Fetal alcohol spectrum disorder (FASD)

Key points about fetal alcohol spectrum disorder (FASD)

  • Fetal alcohol spectrum disorder (FASD) refers to a range of preventable birth defects and disorders caused when a developing baby is exposed to alcohol before they are born.
  • There's no safe time to drink alcohol in pregnancy.
  • There's no safe amount to drink in pregnancy.
  • Drinking alcohol when pregnant can change a baby's physical appearance and damage their brain.
  • Incorrect information, fear of causing stress and social pressure to drink may be barriers to women being able to make well-informed choices around alcohol use during pregnancy.
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Fetal alcohol spectrum disorder (FASD) refers to a range of preventable birth defects and disorders caused when a developing baby is exposed to alcohol before they are born.

Don't drink while pregnant

There is no safe time to drink alcohol in pregnancy. There is no safe amount to drink in pregnancy.

Drinking can damage your baby

Drinking alcohol when pregnant can change a baby's physical appearance and damage their brain. There can also be brain damage without any obvious physical changes. This brain damage shows up as learning and/or behaviour problems that can cause lifelong difficulties. FASD is a lifelong disability.

Based on overseas studies and our drinking patterns, New Zealand can expect up to 3,000 babies a year to be born with FASD.

Making informed choices

Incorrect information, fear of causing stress and social pressure to drink may be barriers to women being able to make well-informed choices around alcohol use during pregnancy.

What to do if you're worried about a child

If you're worried about the behaviour and learning of a child who was exposed to alcohol during pregnancy, ask your family doctor for a referral to your nearest Child Health Service.

If you are pregnant or planning to be pregnant and having trouble stopping drinking, seek the help of your local health professional or lead maternity carer, or call the Alcohol Drug Helpline 0800 787 797.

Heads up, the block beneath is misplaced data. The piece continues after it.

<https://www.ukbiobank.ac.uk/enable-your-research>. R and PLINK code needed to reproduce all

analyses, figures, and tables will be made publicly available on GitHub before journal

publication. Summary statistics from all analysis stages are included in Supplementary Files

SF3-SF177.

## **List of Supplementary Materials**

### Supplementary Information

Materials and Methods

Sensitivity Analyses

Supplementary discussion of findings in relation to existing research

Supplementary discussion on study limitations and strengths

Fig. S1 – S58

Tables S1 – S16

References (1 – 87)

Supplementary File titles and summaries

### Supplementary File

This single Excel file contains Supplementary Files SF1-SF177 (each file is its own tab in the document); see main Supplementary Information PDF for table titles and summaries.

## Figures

The Fetal Alcohol Network New Zealand (FANNZ)(external link) has further information and contact details should you wish to talk to someone about any concerns.

Fetal Alcohol Spectrum Disorder Care Action Network(external link) provides support and education for whānau, individuals and communities across Aotearoa.

FASD prevalence

There has never been a prevalence study for FASD in New Zealand so estimates are used. The Fetal Alcohol Network NZ has estimated the prevalence of FASD as more than 1 in 1001 (an estimated 1800–3,000 births annually)6. This would make FASD the most common “birth defect” in New Zealand. However, as the rates of FASD are only an estimate and considering the diagnosis is difficult to make, it may be more accurate to say that it is one of the most common causes of long-term disability.

International prevalence studies suggest FASD is conservatively estimated to occur in at least 1 out of every 100 live births and may be much higher in communities where binge and hazardous use of alcohol are prevalent. No research has confirmed the prevalence in New Zealand but it is thought the numbers could be substantially higher due to hazardous drinking patterns.1

  • A systematic review published in 2016 reported that the worldwide rate of FASD was 113 per 1000, FAS 55 per 1000 and the neurodevelopmental delay was 20 per 1000.2
  • A Taranaki study reported a rate of 28% drinking during pregnancy with 10% of these women drinking more than 2 units a day for 7 days per week.3
  • Studies in Canada and US report an incidence of between 5 in 1000 to 15 per 1000 in aboriginal populations for the prevalence of FASD. This study reported that the rate of FASD is about 5 times that of FAS which is not entirely consistent with the systematic review but may be more appropriate to NZ. This is with a background of 10%–15% drinking alcohol in pregnancy.4 

References

  1. Foetal Alcohol Spectrum Disorder(external link) Foetal Alcohol Network, NZ
  2. Roozen, S., Peters, G..-J.Y., Kok, G., Townend, D., Nijhuis, J., Curfs, L. Worldwide Prevalence of Fetal Alcohol Spectrum Disorders: A Systematic Literature Review Including Meta-Analysis (2016)(external link) Alcoholism: Clinical and Experimental Research, 40 (1), pp. 18-32.
  3. Ho R, Jacquemard R. Maternal alcohol use before and during pregnancy among women in Taranaki, New Zealand(external link) New Zealand Medical Journal, 2009;122(1306):20-32.
  4. Popova S, Lange S, Probst C, Parunashvil, N, Rehm J. Prevalence of alcohol consumption during pregnancy and Fetal Alcohol Spectrum Disorders among the general and Aboriginal populations in Canada and the United States(external link) Eur J of Med Genet. 2017;60(1):32-48
  5. Taking Action on Fetal Alcohol Spectrum Disorder: 2016-2019 - An action plan (external link) is New Zealand's national policy document. For more information and to download or order the action plan
  6. Fetal alcohol spectrum disorder(external link) Health New Zealand | Te Whatu Ora

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Credits: Content shared between HealthInfo Canterbury, KidsHealth and Healthify He Puna Waiora as part of a National Health Content Hub Collaborative.

Reviewed by: Content shared between HealthInfo Canterbury, KidsHealth and Healthify NZ as part of a National Health Content Hub Collaborative.

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